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Kim v. Kim is about the “benefit” required to establish a presumption of undue influence in the testamentary context. At the time of his death, Scott Kim was married to Lili Kim. He had two children from a prior relationship. Eight days before his death, while receiving treatment for a terminal condition, Scott executed a revocable trust and a pour-over will. Scott’s brother, Brian Kim, who is an attorney, prepared the documents. The trust contains…
In Irving v. DiVito, the Virginia Supreme Court determined the circuit court did not err in refusing to admit to probate a writing offered as a holographic codicil. The writing at issue in Irving is clear about the intended dispositive outcome—to disinherit someone. But the question at the core of this case is whether the testator intended the writing to have testamentary effect, i.e., whether it is authentic. The circuit and Virginia Supreme courts…
In Reineck v. Lemen, 792 S.E.2d 269 (Va. 2016), the Virginia Supreme Court interpreted a power of attorney to allow the agent thereunder to change the principal’s estate plan. The opinion is interesting for what it reveals about the granting of hot powers (powers that, by statute, must be specifically granted) and certain duties of agents. Facts This case is about the estate plans of Frank and Jane, a married couple. Frank had two…
What’s a Credit Shelter Trust? Portability? The estate tax exemption amount is the amount that the federal government allows you to leave to your kids, grandkids, and people other than your spouse and charity without paying estate tax. In Alvi Aggarwal 3 min read…
The estate tax exemption amount is the amount that the federal government allows you to leave to your kids, grandkids, and people other than your spouse and charity without paying estate tax. In 2015, that amount is $5.43 million. The amount is indexed for inflation, so it goes up every year (unless the law changes, of course). Let’s say George and Martha are married and have a few kids. Martha has $6 million, and George…
Across history and cultures, people have been writing letters to descendants to share wisdom, preserve traditions, record family history, explain, and inspire. These letters have been called different things, but today they’re most commonly known as ethical wills or legacy letters. And they still have an important role to play in today’s estate plans. In addition to the valuable purposes these letters have always served, they can also help diffuse conflicts over assets and increase heirs’…
Your executor will be responsible for dealing with your probate estate (i.e., the assets passing under your will) after your death. An executor’s responsibilities include things like finding and inventorying your assets (including the ones in your basement or attic), dealing with the clerk of the court and the commissioner of accounts, filing tax returns, and hiring an attorney if necessary, among many other responsibilities. State law imposes some limitations on who you can name,…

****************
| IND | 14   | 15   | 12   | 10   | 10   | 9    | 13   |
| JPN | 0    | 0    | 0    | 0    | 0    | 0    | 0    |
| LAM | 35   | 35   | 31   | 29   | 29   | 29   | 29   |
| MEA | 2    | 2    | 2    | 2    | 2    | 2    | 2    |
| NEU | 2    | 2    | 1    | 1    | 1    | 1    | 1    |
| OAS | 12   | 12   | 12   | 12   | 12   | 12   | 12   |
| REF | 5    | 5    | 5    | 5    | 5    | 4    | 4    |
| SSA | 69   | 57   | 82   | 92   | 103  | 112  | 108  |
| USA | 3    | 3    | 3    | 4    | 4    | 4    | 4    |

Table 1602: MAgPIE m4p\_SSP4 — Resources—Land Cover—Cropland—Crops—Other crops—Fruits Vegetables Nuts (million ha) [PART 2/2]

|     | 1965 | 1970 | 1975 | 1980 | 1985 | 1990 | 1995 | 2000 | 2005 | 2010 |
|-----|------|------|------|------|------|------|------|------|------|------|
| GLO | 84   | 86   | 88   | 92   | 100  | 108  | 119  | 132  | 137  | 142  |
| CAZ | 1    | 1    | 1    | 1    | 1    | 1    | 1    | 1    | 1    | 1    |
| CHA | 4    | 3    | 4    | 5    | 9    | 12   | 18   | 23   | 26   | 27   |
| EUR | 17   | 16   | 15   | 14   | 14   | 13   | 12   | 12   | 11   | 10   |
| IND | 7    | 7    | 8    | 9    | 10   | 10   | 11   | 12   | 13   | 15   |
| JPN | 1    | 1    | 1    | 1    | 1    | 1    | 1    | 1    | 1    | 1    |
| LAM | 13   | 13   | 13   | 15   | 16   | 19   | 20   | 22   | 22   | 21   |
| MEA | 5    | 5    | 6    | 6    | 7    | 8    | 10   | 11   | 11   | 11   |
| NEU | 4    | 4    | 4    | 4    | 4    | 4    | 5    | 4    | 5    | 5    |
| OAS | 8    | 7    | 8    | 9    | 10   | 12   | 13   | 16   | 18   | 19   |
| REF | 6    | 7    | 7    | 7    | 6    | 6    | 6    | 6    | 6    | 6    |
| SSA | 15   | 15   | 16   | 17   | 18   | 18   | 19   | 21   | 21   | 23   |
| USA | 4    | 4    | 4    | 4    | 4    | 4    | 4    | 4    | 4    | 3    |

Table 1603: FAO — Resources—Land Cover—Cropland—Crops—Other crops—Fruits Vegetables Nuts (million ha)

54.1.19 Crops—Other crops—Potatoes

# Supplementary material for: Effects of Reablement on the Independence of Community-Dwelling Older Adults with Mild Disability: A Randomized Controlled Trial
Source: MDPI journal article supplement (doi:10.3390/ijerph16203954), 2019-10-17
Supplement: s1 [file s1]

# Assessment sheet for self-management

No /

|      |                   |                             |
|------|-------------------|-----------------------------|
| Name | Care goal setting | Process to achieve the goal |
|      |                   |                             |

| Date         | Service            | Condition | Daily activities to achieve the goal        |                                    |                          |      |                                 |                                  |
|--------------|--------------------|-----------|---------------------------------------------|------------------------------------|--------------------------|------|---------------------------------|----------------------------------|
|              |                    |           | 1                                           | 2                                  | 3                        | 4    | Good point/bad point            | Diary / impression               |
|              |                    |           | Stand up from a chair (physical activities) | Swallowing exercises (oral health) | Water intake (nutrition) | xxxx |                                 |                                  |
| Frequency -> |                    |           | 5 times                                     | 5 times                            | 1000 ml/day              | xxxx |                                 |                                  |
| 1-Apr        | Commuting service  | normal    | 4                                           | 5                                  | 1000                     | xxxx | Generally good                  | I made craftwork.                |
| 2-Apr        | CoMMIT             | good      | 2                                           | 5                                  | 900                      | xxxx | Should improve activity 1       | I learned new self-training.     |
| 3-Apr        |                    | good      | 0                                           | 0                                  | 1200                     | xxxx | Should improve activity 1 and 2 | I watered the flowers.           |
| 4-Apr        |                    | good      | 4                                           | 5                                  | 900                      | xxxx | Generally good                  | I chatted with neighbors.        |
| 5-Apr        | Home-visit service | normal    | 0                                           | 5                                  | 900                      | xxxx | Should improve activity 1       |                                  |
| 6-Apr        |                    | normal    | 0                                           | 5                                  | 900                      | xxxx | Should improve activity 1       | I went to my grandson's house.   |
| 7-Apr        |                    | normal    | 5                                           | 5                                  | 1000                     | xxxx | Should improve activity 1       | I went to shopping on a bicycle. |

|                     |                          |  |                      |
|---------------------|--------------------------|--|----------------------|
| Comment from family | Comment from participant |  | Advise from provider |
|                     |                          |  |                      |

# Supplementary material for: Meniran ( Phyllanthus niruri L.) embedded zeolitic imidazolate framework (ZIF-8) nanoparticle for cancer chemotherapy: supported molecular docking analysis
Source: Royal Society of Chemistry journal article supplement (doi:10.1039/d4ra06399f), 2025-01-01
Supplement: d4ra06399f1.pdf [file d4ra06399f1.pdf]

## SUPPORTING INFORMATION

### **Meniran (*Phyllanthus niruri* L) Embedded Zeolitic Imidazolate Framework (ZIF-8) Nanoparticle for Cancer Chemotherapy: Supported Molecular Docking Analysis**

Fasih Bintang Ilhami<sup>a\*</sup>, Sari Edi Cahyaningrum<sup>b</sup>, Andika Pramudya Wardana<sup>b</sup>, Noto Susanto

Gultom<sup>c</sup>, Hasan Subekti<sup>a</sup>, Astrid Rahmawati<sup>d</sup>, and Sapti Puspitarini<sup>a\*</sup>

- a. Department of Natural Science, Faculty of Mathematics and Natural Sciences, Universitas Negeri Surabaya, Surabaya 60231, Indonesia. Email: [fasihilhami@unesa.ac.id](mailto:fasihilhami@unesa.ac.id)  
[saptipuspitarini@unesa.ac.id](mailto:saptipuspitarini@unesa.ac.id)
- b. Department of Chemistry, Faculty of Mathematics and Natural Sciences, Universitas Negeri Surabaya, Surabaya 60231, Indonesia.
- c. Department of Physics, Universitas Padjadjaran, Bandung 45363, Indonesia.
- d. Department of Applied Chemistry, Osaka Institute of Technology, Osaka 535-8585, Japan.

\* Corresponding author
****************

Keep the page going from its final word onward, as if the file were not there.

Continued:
When a person dies and has an estate that needs administration, a person has to qualify before the clerk of the court before he/she can do that administering. Being named in the will is not enough. Qualification is the process that gives a person legal authority to act as the personal representative (or executor or administrator) of an estate. There is no obligation to qualify. Even a person named as an executor or administator in…
Probate, Qualification, and Estate Administration Probate, technically, is the process by which a will is accepted as valid by a court (or the clerk of the court). The term is often used more loosely (as I will use it) to also encompass the qualification of the personal representative and the administration of the estate (the court-supervised process by which the assets are distributed). Not All Assets Go Through Probate. Generally, assets that an individual owns…
Question: I qualified as an administrator of my aunt’s estate. I don’t want to be an administrator any more. What can I do? Answer: An administrator (or executor) can resign; however, resigning isn’t as easy as qualifying. To resign, a personal representative needs the permission of the court. Section 64.2-1424 of the Virginia Code says “The circuit court in which or before the clerk of which a fiduciary qualified may allow any personal representative, guardian,…